The PATH is an environment variable. It is a colon delimited list of directories that your shell searches through when you enter a command. All executables are kept in different directories on the Linux and Unix like operating systems.
A search path is the sequence of directories in which the c shell (CSH/TCSH) looks for commands to execute.
Print current PATH settings in C SHELL
Open the terminal and type the following command to print the current $PATH settings. You can use any one of the following command:
# use echo to display it ## echo "$PATH"
## or use printenv printenv PATH
The character between each directory in the C shell’s the PATH environment variable has colons. You can also use the following $path variable:
## note lower case ## echo "$path" ## OR ## printf "%s\n" $path
/usr/bin /bin /usr/sbin /sbin /usr/local/bin /opt/X11/bin /usr/local/sbin/modemZapp /Users/vivek/gcutil-1.8.4
The character between each directory in the C shell’s $path variable is a space. The C shell search path includes /usr/bin, /bin, /usr/sbin, and rest of the all directories displayed by the echo command.
Method #1: CSH / TCSH set path variable command for interactive use
You can add a directory called /usr/local/bin and $HOME/bin to to the search path by entering the following command:
### *** NOTE: $path is case sensitivity and must be in lowercase *** ### set path = ($path /usr/local/bin) echo $path
/usr/bin /bin /usr/sbin /sbin /usr/local/bin /opt/X11/bin /usr/local/sbin/modemZapp /Users/vivek/gcutil-1.8.4 /usr/local/bin
All directories are searched in the order they appear in the search path. Setting paths with $path variable is recommended for all your shell commands that you type directly. You can add second path using the same syntax:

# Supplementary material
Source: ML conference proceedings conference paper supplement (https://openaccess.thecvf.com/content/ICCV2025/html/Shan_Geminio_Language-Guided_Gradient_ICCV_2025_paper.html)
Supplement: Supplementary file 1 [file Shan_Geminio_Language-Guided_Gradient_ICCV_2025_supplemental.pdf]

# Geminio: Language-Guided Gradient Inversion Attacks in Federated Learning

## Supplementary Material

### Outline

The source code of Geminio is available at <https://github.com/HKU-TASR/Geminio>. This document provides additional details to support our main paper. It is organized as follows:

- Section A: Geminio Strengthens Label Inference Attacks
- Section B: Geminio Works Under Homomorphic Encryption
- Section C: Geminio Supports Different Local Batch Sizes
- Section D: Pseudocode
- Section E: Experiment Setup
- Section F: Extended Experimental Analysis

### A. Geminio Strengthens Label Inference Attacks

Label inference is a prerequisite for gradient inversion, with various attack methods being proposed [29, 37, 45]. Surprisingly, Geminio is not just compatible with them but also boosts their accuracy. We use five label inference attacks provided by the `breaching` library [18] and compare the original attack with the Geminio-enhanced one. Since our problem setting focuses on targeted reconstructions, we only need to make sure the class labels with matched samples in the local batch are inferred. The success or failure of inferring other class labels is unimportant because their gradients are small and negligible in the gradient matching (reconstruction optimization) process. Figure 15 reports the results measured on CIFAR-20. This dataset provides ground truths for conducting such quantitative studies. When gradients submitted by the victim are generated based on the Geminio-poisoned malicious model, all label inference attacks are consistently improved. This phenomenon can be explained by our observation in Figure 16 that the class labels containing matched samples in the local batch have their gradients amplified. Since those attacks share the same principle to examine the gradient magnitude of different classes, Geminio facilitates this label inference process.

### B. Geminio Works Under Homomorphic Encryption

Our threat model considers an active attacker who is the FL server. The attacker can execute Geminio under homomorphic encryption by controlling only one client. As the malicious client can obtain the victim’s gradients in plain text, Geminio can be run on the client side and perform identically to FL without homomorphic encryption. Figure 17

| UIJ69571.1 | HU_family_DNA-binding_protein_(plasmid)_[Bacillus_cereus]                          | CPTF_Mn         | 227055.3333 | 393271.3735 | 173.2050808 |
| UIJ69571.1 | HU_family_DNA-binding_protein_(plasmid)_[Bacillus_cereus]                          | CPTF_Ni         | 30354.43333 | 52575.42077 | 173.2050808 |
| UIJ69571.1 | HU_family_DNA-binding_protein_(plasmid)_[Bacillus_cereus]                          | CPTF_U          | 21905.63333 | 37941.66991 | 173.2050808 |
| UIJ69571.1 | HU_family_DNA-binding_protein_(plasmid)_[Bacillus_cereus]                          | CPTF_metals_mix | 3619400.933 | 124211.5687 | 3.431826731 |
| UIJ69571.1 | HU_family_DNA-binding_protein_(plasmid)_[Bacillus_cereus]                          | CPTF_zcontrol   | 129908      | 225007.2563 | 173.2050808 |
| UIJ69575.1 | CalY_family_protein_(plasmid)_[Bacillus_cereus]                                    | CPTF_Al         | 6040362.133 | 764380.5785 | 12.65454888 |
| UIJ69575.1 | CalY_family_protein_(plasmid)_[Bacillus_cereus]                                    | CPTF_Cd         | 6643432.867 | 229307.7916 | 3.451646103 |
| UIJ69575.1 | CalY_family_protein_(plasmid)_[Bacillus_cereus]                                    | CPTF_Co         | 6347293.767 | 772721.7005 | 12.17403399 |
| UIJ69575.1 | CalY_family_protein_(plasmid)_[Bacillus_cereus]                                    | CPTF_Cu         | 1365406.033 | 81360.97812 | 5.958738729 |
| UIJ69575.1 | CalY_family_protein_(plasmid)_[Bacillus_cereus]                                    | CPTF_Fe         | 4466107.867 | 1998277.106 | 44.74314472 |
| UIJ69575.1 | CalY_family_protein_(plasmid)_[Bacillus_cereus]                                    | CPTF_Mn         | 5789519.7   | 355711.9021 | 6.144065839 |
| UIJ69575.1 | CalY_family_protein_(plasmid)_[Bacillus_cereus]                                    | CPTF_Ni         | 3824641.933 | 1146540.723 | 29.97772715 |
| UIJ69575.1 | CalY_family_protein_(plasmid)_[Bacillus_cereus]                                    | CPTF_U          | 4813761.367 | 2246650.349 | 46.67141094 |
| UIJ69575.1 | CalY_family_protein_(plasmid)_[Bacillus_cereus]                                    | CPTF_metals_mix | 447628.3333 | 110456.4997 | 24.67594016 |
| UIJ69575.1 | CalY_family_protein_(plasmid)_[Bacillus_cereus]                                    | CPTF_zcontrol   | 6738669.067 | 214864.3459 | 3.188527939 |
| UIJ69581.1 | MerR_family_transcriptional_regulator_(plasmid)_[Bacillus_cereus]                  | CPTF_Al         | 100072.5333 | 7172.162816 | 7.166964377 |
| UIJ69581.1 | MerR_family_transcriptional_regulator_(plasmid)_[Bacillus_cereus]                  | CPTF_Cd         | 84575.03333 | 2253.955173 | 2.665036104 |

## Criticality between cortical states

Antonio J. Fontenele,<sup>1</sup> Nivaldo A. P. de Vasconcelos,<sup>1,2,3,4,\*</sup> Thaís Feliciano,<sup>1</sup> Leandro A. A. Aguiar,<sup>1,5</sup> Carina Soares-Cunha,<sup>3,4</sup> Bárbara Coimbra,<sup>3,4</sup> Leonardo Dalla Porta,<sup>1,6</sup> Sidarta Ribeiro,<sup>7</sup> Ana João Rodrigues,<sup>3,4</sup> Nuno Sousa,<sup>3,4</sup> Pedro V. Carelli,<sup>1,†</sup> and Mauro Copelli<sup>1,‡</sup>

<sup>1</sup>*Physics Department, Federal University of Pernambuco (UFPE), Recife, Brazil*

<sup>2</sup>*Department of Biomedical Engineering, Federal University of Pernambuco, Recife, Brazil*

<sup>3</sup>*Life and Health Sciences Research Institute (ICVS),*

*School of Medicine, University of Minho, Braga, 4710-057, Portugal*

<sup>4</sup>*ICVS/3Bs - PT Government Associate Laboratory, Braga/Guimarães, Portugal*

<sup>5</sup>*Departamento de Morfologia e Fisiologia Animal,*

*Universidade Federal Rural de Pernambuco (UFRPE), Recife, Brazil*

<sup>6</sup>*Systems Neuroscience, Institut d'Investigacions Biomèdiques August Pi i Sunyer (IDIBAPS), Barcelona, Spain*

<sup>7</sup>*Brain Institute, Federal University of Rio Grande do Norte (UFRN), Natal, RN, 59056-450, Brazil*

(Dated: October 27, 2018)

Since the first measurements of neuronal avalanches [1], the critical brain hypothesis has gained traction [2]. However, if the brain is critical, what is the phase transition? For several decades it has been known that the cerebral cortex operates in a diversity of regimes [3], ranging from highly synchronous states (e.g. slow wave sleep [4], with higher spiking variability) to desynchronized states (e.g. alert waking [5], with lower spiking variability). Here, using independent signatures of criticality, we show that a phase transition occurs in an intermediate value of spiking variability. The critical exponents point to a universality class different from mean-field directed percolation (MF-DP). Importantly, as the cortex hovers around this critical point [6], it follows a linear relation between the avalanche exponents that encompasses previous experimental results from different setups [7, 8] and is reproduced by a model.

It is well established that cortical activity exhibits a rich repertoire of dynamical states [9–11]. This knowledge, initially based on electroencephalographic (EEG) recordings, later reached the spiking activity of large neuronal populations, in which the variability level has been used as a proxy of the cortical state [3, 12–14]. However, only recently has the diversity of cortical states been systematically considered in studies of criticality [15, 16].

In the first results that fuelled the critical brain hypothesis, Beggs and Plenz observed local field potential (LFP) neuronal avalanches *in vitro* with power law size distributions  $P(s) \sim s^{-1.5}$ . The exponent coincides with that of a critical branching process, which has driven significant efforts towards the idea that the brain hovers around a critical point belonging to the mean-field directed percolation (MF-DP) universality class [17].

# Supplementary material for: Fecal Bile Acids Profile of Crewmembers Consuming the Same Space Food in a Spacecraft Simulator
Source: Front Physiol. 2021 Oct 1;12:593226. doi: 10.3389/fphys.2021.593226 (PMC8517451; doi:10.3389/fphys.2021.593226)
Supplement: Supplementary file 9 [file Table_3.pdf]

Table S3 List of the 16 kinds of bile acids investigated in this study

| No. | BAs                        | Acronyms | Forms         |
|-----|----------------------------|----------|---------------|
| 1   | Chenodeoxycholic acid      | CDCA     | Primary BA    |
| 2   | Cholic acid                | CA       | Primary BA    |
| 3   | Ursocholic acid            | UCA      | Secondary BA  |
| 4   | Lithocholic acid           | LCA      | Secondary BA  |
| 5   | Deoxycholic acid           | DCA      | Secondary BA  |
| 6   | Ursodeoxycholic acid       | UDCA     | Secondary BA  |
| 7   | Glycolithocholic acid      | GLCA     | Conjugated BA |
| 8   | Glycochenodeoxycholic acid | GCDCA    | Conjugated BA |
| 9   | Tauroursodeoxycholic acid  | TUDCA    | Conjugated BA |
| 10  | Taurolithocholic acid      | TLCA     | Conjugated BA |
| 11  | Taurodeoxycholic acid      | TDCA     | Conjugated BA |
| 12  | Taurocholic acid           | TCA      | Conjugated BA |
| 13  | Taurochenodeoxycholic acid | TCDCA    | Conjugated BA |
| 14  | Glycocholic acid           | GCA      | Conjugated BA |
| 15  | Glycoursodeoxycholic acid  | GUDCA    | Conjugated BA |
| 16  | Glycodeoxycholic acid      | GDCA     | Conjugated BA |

### *** NOTE: $path is case sensitivity and must be in lowercase *** ### set path = ($path /usr/local/bin $HOME/bin) echo $path
/usr/bin /bin /usr/sbin /sbin /usr/local/bin /opt/X11/bin /usr/local/sbin/modemZapp /Users/vivek/gcutil-1.8.4 /usr/local/bin /Users/vivek/bin
Method #2: Csh/Tcsh add to $PATH
You can use the following syntax:
## please note 'PATH' is CASE sensitivity and must be in UPPERCASE ## setenv PATH $PATH\:/dir/path1 setenv PATH $PATH\:/dir/path1\:/dir/path2
Please feel free to replace /dir/path1 with the directory you want the shell to search. If you skip \ before :, you will get an error message that read as follows:
Bad : modifier in $ (/).
How do I set path in tcsh/csh automatically on Unix/Linux?
You may want to set search path automatically each time you log in by appending any one of the following command in ~/.login or ~/.cshrc file (you need to type the command at shell prompt):
## command to append path settings in ~/.login file ## echo 'set path = ($path /usr/local/bin $HOME/bin .)' >> ~/.login
## command to append path settings in ~/.cshrc file ## echo 'setenv PATH $PATH\:/usr/local/bin\:$HOME/bin\:.' >> ~/.cshrc
See csh(1) and tcsh(1) man page for more information.